January 2, 2008

Lists, 1/2.

Paranoid Park "La liste de la r├ędaction des Cahiers." #1: Paranoid Park.

"Despite the tortured self-analysis some critics feel the need to use as ostensibly humbling preface for their top tens, at Reverse Shot we're thankful for best-of-year round-ups - we savor any chance we get to reiterate our love for films that might not have had the benefit of a massive marketing team behind them." So opens the list at indieWIRE signed by eight RS editors and contributors. When their votes were counted, Syndromes and a Century came out on top.

They Shoot Pictures, Don't They? has revised its list of the 1000 Greatest Films, as "voted by 1,604 critics, filmmakers, reviewers, scholars and other likely film types." All in all, 139 changes have been made - changes that pose a new challenge to Kevin Lee, who's been tracking the progress of his viewing and reviewing all 1000 at Shooting Down Pictures, and given him pause: "I have long struggled between two states of mind: the objective-driven achiever vs the reflective observer."

"The biggest entertainment story of the year has also turned into the biggest story of [Nikki] Finke's career, and, possibly, the vehicle of her redemption for those who had written her off as merely a loudly buzzing fly in Hollywood's ointment," writes Doree Shafrir in a profile of the New York Observer's "Media Mensch of the Year!" "She's demonstrated that one determined reporter - with none of the support or backing of a media outfit, but also none of the entangling alliances - can, in fact, beat the big guys at their own game. She's broken the news of almost all of the significant strike developments since the beginning and has offered insight into the inner workings of the negotiations that the more slow-footed publications on the strike beat - primarily, Variety, the Los Angeles Times and the New York Times - simply can't match. In hundreds of posts and thousands of contributors' comments, she's turned her [Deadline Hollywood Daily] into not only a must-read, but a kind of online kaffee klatsch for information and discussion about the strike."

I can't see it but I know it's there: "The Reeler's Top 10 of Top 10 Lists of 2007: The Reeler's third annual look back at the misconceived hype that mattered."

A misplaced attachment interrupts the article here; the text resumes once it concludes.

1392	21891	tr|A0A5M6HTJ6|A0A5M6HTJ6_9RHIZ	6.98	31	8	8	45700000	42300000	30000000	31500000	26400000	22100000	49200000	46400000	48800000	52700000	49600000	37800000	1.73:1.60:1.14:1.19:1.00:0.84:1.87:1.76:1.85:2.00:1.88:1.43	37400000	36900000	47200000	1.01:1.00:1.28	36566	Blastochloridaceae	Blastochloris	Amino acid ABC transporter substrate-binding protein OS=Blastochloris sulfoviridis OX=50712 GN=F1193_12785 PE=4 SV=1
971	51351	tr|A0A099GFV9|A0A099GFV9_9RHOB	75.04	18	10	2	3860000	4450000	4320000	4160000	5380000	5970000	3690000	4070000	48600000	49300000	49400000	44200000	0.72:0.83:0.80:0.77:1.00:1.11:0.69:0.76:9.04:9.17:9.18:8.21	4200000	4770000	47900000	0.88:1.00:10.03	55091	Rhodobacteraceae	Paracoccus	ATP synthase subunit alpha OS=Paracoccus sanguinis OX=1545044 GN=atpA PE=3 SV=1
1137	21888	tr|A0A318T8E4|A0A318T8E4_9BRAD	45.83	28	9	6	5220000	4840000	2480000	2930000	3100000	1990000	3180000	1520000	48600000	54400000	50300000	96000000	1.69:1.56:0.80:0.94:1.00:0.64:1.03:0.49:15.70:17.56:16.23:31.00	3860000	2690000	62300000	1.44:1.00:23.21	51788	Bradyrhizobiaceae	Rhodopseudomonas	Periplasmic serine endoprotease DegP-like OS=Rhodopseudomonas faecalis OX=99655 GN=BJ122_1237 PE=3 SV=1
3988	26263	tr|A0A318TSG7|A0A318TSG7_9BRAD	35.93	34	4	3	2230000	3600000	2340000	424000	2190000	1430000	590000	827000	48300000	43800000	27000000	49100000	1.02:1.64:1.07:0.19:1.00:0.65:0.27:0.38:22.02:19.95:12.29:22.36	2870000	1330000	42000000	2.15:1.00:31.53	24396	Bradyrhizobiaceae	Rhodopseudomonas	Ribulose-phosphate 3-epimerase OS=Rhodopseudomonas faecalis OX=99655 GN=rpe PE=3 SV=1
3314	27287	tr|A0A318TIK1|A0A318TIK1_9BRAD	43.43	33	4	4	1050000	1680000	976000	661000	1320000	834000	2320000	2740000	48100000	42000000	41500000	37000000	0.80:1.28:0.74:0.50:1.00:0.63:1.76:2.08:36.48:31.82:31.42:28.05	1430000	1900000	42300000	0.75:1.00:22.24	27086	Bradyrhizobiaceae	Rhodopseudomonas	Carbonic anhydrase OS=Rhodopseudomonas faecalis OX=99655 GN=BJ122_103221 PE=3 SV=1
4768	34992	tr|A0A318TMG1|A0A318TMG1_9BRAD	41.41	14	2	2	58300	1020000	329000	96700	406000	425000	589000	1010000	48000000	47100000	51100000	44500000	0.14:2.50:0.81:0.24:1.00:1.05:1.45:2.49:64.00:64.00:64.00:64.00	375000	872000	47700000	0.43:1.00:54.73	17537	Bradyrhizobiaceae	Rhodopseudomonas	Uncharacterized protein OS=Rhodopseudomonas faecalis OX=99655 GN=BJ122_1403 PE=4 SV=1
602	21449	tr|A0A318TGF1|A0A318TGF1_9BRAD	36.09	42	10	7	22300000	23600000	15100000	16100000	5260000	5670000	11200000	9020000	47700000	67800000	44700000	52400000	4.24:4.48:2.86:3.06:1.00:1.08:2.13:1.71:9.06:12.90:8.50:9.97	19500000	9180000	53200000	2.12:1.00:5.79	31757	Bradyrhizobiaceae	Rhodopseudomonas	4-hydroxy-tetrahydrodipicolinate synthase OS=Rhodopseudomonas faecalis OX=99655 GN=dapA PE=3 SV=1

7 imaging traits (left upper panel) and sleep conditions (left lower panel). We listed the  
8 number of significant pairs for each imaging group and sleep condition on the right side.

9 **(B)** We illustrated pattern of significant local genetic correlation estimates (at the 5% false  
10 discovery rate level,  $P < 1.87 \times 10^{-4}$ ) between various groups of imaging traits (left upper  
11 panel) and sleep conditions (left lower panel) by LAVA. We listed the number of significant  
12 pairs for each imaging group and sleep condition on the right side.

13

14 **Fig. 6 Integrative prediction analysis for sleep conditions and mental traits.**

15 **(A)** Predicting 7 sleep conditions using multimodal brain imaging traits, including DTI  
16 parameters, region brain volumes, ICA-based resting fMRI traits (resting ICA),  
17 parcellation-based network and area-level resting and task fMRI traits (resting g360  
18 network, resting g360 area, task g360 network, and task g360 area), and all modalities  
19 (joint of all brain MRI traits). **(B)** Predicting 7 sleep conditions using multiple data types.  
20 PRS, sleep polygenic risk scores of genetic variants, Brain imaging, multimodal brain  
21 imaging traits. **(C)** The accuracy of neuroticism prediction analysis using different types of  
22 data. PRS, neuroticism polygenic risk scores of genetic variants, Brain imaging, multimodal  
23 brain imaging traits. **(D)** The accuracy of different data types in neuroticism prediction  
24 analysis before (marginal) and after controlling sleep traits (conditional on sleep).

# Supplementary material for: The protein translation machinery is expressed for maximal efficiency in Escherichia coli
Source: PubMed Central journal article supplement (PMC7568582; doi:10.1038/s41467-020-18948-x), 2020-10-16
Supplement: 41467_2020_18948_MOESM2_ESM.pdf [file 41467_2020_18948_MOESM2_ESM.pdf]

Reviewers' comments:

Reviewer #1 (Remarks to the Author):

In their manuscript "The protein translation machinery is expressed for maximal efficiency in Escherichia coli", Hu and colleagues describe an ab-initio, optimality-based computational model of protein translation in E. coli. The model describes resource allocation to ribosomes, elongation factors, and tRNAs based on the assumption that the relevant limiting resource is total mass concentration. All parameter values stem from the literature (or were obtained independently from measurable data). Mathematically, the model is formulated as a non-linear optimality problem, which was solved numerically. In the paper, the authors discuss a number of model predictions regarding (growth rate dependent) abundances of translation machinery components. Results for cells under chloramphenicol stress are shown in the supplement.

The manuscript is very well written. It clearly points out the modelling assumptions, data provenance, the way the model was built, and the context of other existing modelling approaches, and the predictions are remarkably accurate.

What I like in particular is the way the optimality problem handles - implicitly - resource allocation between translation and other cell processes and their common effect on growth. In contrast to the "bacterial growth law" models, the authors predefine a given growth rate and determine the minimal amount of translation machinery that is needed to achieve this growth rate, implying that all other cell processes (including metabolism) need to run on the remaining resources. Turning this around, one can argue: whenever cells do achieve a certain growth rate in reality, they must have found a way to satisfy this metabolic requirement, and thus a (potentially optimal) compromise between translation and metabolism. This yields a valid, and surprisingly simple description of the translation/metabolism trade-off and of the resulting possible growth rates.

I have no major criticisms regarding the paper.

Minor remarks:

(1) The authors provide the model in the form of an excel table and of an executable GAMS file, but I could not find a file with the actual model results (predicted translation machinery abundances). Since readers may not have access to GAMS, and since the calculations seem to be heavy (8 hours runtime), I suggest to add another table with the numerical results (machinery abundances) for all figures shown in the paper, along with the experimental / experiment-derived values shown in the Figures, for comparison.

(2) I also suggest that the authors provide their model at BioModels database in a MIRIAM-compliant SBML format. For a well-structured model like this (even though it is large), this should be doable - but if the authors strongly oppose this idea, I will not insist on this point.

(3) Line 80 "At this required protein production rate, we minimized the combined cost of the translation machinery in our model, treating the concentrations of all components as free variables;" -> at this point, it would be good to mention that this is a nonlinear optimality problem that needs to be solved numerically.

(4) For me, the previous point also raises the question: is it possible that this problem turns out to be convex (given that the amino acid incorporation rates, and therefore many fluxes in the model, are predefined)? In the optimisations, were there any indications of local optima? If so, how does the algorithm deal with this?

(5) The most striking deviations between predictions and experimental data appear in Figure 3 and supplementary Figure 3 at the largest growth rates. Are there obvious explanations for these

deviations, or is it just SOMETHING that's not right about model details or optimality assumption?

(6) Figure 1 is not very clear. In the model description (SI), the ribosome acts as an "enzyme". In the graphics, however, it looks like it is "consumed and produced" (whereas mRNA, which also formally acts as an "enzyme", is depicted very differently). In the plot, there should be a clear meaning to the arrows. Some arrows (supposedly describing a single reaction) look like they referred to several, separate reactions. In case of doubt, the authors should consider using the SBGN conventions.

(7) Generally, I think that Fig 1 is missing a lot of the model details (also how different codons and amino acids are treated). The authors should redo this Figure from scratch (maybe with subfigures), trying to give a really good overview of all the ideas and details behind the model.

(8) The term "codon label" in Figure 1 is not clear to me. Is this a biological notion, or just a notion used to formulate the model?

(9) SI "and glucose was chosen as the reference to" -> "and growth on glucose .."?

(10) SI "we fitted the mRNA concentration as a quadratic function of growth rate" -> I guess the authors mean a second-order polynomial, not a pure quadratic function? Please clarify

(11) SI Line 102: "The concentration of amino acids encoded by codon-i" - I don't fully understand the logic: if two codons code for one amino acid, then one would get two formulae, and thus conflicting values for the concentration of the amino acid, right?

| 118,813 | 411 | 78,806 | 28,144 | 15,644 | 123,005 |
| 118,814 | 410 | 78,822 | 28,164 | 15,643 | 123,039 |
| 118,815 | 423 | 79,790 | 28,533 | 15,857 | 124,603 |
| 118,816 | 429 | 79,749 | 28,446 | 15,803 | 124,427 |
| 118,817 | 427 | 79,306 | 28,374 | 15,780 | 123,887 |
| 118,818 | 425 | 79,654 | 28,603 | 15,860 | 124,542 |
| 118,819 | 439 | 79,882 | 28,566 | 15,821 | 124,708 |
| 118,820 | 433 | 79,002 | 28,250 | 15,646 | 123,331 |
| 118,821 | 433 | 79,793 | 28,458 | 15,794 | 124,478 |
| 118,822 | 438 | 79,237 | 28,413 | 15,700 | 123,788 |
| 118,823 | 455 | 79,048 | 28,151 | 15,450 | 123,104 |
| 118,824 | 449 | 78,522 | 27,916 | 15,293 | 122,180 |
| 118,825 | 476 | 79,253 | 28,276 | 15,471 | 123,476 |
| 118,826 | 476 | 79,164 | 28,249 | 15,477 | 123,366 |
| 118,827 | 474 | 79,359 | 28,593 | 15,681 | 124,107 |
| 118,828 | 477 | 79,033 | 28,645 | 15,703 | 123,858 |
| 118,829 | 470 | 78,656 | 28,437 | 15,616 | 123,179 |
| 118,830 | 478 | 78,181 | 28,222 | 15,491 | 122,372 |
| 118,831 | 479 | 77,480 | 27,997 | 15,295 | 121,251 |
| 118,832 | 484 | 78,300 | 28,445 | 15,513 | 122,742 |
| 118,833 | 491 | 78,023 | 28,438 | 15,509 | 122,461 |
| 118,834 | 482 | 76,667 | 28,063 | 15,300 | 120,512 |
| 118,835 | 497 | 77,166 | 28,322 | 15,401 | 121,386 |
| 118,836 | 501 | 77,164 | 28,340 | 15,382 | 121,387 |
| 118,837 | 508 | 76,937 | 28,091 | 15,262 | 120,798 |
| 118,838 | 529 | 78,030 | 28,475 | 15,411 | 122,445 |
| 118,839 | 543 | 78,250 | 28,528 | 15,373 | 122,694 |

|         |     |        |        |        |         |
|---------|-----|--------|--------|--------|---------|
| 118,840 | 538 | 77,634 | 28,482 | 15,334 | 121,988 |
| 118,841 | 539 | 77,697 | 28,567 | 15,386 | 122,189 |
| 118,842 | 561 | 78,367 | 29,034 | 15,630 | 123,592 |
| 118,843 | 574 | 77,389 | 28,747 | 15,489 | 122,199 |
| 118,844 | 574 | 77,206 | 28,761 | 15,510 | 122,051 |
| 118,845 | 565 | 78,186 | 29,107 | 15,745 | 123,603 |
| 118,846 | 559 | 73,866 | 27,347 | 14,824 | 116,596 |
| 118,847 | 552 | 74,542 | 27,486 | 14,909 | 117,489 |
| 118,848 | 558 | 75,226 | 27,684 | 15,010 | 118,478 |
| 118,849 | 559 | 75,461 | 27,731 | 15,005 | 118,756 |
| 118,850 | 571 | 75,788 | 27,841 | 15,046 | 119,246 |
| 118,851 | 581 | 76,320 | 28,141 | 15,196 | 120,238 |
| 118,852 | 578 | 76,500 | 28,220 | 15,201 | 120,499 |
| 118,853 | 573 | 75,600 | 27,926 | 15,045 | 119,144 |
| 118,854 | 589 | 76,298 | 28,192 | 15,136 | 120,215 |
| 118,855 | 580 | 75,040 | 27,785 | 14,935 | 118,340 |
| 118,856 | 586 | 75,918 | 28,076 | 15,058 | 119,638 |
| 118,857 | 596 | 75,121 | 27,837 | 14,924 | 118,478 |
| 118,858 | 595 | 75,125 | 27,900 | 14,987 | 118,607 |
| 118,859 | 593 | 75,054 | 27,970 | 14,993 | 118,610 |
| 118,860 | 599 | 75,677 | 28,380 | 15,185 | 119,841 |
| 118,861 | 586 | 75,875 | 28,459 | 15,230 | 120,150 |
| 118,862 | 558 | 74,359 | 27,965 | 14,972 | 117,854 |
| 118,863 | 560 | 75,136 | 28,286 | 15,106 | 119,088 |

The Films of Alejandro Jodorowsky For PopMatters' Bill Gibron, the #1 DVD release of the year is The Films of Alejandro Jodorowsky.

Ratatouille tops Bryant Frazer's list.

"Salutes 2007." One helluva roundup from Dennis Cozzalio.

"For the fourth year running, here are some of my favorite articles, videos, games, photography, discussions, and design pieces that I linked to in 2007," blogs Jason Kottke. "After you're done with these, try the lists from 2004, 2005 and 2006."

Andrew Sarris puts Juno at the top of his list of "the best English-language films in 2007" and The Diving Bell and the Butterfly in the #1 slot of his "best foreign-language films" list. Also in the New York Observer, Sara Vilkomerson takes note of "some other, less lauded films that for better or worse made 2007 the cinematic year it was" and Rex Reed bids farewell to the celebrated departed of 07.

From France, Harry Tuttle sends awards to Inland Empire and Still Life.

Mubarak Ali lists several favorite "new-ish films/film events experienced in 2007."

Sean Axmaker looks back on all that he was thankful for throughout 07.

At the Siffblog, you'll find a straightforward, unadorned list of things E Steven Fried liked and a few bests, worsts and honorable mentions from Amie Simon.

Similarly, Matt Langdon.

And Thomas Groh.

"I am heralding 2007 as the year American cinema re-embraced Texas-sized ambiguity and best you do the same," blogs Erich Kuersten at Bright Lights After Dark.

At AICN, Latauro presents a "rundown of the year Australian cinema had (which gets quite deep), my favourite performance of the year (which is quite fluffy), and the films that disappointed me and the ones that made me jump for the sky."

More lists at Arthur: Trinie Dalton, Richard Pleuger, Stacy Kranitz and PShaw.

For the New York Times, Brooks Barnes sorts through the final receipts: "Ticket sales at North American movie theaters totaled $9.7 billion, a 4 percent increase over the previous year, according to Media by Numbers, a box office tracking company. But attendance was flat, after a narrow increase in 2006 and three previous years of sharp declines."

Online listening tip. Leonard Lopate hosts a discussion of the "Most Overrated Movies of 2007."

Online viewing tips. Virginia Heffernan's "Great Enigma Videos of 2007."

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Posted by dwhudson at January 2, 2008 2:50 PM


Dunno if submissions are desired or irritating, but my 2007 Top 20 is here. Top of the Crop: Todd Haynes' I'm Not There.

Posted by: Kevin at January 3, 2008 10:09 AM

Oh, desired, absolutely - many thanks, Kevin!

Posted by: David Hudson at January 3, 2008 10:23 AM

You know, I was going to go into a lengthy justification for some of my choices, but I decided just to say what I liked and leave it at that.

Having said that, I'd like to mention my favorite comment on No Country For Old Men came from a friend, who used to work as a paramedic, who said, "Not enough blood. There's never enough blood. You wouldn't believe the amount of blood in a body." I told him he should see Sweeney Todd.

Posted by: E. Steven at January 3, 2008 1:36 PM

There was enough blood for my taste as it was - I'm glad a paramedic didn't make the film! What did he think of "There Will Be Blood"? ;-)

I almost thought about leaving the Coens' film off my list just because everyone else who has seen it has placed it on theirs, you know, to rebel, be different, but, it was certainly one of the best films I saw all year so it'd be dishonest to leave it off. Anyway, yeah, it was plenty violent enough for me.

Posted by: Craig P at January 3, 2008 2:50 PM